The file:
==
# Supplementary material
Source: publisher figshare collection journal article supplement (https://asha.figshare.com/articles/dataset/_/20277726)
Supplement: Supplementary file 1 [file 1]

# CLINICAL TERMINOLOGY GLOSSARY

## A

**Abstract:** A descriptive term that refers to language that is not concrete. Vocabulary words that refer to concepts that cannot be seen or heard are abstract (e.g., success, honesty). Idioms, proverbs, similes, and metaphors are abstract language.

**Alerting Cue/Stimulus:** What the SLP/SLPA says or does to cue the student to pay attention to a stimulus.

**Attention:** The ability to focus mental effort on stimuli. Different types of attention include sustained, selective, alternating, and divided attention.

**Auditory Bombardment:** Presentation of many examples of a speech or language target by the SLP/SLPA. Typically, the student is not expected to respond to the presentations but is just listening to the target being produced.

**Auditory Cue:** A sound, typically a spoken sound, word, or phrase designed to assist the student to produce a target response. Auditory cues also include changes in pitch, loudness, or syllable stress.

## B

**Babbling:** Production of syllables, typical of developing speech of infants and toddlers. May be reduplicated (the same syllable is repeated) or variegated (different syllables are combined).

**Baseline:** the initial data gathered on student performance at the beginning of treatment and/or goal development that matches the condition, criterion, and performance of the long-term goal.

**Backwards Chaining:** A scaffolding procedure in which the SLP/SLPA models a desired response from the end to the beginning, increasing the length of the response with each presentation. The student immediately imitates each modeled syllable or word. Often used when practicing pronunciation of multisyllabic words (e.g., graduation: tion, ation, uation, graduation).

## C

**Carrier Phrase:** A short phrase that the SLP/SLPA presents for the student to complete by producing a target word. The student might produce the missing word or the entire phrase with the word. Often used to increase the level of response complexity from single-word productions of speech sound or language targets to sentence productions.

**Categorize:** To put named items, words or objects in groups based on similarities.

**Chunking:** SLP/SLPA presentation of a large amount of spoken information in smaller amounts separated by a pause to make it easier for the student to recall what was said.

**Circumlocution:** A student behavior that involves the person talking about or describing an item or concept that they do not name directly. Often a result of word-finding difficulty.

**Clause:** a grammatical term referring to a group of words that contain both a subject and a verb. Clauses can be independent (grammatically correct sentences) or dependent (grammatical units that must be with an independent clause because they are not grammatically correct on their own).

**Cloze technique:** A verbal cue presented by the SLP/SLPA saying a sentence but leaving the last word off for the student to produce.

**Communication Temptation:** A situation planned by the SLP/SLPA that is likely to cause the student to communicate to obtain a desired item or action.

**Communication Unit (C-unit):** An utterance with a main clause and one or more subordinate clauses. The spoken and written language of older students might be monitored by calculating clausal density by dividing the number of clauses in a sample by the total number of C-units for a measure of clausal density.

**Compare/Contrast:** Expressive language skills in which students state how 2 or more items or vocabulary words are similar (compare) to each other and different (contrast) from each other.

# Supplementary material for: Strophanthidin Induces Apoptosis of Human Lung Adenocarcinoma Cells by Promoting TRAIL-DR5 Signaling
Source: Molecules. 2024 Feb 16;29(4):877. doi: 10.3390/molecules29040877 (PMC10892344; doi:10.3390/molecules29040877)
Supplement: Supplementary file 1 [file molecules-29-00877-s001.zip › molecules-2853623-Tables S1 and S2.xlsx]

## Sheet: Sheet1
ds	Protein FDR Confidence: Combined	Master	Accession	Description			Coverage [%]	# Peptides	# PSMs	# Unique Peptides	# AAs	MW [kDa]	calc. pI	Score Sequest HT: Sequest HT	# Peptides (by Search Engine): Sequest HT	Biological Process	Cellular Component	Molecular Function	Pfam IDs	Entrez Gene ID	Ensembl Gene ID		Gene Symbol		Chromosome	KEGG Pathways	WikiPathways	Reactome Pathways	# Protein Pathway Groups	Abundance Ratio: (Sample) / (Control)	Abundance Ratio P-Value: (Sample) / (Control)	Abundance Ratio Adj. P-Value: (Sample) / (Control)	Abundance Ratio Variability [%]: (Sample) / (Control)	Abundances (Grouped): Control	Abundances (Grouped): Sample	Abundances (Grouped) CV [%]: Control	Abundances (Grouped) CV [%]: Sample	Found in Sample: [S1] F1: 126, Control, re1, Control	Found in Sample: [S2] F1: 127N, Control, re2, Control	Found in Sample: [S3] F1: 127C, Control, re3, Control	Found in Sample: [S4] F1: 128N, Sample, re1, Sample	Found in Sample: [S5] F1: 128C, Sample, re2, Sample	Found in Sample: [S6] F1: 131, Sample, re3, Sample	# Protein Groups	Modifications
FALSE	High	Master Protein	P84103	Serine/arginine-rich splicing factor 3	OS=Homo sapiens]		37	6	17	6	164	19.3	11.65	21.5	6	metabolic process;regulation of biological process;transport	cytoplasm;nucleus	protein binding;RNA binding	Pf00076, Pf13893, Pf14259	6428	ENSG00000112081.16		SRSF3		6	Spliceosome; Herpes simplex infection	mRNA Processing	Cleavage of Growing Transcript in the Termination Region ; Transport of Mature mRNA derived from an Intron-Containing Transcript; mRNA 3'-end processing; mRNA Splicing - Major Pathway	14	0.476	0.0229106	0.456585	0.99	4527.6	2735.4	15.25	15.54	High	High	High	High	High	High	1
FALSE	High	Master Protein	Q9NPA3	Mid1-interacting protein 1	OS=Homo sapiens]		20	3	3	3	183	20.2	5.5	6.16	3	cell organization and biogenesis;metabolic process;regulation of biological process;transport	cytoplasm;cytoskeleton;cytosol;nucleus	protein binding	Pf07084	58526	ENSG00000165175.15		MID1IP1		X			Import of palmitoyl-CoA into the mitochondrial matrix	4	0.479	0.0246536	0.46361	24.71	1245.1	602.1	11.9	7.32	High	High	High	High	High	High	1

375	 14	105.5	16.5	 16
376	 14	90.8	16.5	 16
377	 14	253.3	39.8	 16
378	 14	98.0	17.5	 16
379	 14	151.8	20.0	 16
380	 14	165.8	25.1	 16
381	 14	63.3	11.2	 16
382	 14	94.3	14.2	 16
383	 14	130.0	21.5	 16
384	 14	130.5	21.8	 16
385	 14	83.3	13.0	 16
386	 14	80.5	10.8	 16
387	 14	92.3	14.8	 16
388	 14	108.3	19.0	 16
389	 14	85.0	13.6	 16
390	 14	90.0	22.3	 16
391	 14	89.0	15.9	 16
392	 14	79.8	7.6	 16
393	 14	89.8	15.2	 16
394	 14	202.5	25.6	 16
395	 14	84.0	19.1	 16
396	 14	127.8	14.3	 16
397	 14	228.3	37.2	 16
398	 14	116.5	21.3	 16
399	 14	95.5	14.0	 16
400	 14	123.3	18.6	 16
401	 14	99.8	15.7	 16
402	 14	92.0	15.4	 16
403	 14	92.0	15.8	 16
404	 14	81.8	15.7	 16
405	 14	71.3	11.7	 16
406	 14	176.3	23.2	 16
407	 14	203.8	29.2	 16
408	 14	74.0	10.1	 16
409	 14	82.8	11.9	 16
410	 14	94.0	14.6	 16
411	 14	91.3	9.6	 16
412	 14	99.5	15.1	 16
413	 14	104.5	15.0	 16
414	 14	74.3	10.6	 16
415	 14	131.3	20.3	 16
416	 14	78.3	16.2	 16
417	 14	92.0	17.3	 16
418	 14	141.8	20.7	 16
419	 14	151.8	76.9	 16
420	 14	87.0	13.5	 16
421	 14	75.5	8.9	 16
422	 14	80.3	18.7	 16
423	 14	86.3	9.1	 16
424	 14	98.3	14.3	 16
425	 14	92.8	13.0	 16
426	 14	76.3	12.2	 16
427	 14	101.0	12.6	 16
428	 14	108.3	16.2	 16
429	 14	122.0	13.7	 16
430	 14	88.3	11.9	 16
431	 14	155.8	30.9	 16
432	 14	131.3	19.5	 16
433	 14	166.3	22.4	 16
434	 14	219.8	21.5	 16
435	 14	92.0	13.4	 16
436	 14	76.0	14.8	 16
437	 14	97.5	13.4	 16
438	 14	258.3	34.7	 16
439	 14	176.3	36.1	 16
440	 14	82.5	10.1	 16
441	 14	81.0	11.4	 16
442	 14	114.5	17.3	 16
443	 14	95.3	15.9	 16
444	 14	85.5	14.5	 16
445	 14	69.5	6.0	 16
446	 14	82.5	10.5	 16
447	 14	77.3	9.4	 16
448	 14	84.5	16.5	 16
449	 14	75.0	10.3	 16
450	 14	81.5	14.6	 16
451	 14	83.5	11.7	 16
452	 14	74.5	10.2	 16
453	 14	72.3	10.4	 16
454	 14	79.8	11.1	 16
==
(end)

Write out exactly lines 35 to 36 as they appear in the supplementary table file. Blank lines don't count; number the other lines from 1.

378	 14	98.0	17.5	 16
379	 14	151.8	20.0	 16